On the second day of the Group of Eight summit in the French Alps, the message was blunt and its targets precise. The eight leaders, with their disagreements over the war in Iraq festering, found common ground in a statement that called global terrorism and the spread of weapons of mass destruction "the pre-eminent threat to international security."
Released just before President Bush's departure for Egypt to discuss the Israeli-Palestinian peace plan, the statement said the leaders agreed to guard against development of the weapons by insisting on arms inspections, export controls "and, if necessary, other measures in accordance with international law," language that is commonly used by diplomats to project a threat of force.
The United States has said it takes seriously claims by North Korea that it has nuclear bombs, though their existence could not be verified. The United States has been pressuring Russia to halt construction of a nuclear plant in Iran, contending that it could lead to the production of nuclear weapons. Iran has acknowledged that it has a far more extensive nuclear research program than previously declared, but it denies seeking nuclear weapons. Russia has refused to halt the program but has said it would work to ensure that Iran does not produce weapons.
In recent weeks, Tehran has been a target of some members of the Bush administration, which has accused the government of backing international terrorism and interfering in efforts to rebuild Iraq. British Prime Minister Tony Blair has made similar allegations.
Iraq was discussed, though, and Bush and French President Jacques Chirac, bitterly divided over the war, said they were prepared to move beyond their dispute. The two met for 25 minutes on a hotel patio that overlooks Lake Geneva.
"We can have disagreements, but that doesn't mean we have to be disagreeable to each other," Bush told reporters as the two leaders sat on the patio. They appeared more relaxed than on Sunday, when Chirac welcomed Bush to the summit with a strained smile and a brief handshake before quickly escorting him to the other leaders.
Bush said he respected Chirac's knowledge of the Middle East and was seeking his advice before heading to the Egyptian city of Sharm el-Sheikh yesterday for talks with Arab leaders, which are to be followed by a trip to the Jordanian port city of Aqaba for talks with Israeli Prime Minister Ariel Sharon.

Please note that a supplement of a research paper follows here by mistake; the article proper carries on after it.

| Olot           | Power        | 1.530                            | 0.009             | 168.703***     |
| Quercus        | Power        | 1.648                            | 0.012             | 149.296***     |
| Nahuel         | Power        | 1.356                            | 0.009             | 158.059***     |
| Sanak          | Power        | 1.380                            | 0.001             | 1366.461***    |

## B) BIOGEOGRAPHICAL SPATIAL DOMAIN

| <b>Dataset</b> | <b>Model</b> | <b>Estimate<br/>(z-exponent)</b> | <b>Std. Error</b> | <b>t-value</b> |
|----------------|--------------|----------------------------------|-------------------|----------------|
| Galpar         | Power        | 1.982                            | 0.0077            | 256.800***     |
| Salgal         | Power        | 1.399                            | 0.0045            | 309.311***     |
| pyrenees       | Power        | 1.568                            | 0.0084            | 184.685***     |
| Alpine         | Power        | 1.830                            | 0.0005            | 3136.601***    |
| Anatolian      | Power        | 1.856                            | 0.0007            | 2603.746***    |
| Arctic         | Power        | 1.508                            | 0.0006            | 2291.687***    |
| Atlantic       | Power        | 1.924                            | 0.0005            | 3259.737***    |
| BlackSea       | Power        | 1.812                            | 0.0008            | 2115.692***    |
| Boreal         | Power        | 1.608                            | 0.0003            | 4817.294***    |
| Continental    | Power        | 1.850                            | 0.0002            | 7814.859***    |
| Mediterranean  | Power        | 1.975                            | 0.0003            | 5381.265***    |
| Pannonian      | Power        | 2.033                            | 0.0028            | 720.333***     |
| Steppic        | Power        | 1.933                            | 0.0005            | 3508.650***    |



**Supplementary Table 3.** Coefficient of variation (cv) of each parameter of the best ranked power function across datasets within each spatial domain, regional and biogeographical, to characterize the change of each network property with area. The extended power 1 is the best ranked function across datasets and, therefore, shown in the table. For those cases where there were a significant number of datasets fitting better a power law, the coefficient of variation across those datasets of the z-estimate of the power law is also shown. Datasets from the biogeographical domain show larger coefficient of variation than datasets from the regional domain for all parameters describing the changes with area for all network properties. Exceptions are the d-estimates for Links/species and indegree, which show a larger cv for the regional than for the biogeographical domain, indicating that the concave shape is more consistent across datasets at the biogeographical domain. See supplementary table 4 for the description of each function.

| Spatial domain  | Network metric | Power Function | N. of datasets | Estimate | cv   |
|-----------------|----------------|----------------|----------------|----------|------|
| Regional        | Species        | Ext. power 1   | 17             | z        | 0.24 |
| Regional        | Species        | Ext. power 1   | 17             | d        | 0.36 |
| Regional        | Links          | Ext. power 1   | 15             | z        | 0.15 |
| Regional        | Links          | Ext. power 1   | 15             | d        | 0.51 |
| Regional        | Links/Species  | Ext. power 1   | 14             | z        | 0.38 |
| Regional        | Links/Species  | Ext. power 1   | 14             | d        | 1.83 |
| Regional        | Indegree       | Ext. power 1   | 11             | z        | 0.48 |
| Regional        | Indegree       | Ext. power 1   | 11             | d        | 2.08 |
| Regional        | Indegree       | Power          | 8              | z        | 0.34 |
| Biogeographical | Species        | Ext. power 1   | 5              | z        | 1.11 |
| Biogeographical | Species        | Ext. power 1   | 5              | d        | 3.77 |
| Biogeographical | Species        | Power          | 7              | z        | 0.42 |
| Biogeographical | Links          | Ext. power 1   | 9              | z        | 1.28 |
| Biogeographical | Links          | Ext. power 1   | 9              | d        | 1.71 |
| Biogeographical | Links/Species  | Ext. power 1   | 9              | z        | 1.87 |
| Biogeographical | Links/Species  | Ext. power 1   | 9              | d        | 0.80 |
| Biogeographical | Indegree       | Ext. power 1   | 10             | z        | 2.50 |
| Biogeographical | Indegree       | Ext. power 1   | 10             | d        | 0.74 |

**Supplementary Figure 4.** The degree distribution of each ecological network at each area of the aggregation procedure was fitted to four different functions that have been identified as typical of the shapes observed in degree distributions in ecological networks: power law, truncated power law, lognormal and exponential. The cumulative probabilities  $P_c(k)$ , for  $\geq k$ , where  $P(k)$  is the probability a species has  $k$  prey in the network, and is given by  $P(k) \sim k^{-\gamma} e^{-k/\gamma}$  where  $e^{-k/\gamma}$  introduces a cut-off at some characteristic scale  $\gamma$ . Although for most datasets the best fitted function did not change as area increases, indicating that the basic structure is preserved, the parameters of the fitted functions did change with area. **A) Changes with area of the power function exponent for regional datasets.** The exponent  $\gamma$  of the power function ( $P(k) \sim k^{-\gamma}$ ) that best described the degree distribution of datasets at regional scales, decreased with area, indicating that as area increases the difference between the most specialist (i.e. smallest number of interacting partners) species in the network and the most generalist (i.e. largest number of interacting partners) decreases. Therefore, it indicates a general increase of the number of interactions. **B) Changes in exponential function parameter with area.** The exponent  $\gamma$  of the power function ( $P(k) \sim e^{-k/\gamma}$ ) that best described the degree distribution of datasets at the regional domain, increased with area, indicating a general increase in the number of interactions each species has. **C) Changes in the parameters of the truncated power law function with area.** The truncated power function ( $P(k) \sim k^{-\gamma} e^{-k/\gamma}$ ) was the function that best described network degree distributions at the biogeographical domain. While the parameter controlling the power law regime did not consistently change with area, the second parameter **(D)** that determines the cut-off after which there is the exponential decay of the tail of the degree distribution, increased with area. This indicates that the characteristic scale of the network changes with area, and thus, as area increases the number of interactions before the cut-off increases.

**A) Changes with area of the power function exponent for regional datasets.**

Chirac's spokeswoman, Catherine Colonna, told reporters that the presidents covered the Middle East in general and Iraq specifically, though they sought in their private discussions to ensure "that French-U.S. ties are not a prisoner to the past."
"The question now is to see how peace can succeed in Iraq," she said.
That question went unanswered at the summit. While the U.N. Security Council has passed a resolution giving responsibility for the rebuilding of Iraq primarily to the United States and Britain, none of the G-8 nations made offers in Evian to support the reconstruction financially. The United States is planning to hold a pledging conference among rich nations later this year.
In a conciliatory gesture, Chirac offered to send special forces to Afghanistan, joining U.S. troops and regular French forces in the country.
The G-8 urged nations to do more to ensure terrorists could not obtain shoulder-launched anti-aircraft weapons, which are manufactured in many member countries. Before the war with Iraq, Britain's airports were guarded by tanks and thousands of troops after threats that a terrorist would try to shoot down a civilian aircraft.
The leaders also agreed to a "Counter-Terrorism Action Group," which would help advise and provide funds to countries that need help combating terrorism.
German Chancellor Gerhard Schroeder won a key vote on reform before arriving at the summit, but France's attempts to decrease the percentage of its budget that it devotes to public workers have met stiff resistance. Rail workers went on strike last night -- for the third time this spring -- over a plan to make public employees work longer before retiring.
Blair said economic reforms by European countries such as France and Germany were vital for a rebound in the European economy.
"There is a general recognition that if we don't change and reform our economies quickly, we are not going to be able to survive with the same living standards in the modern world," Blair said.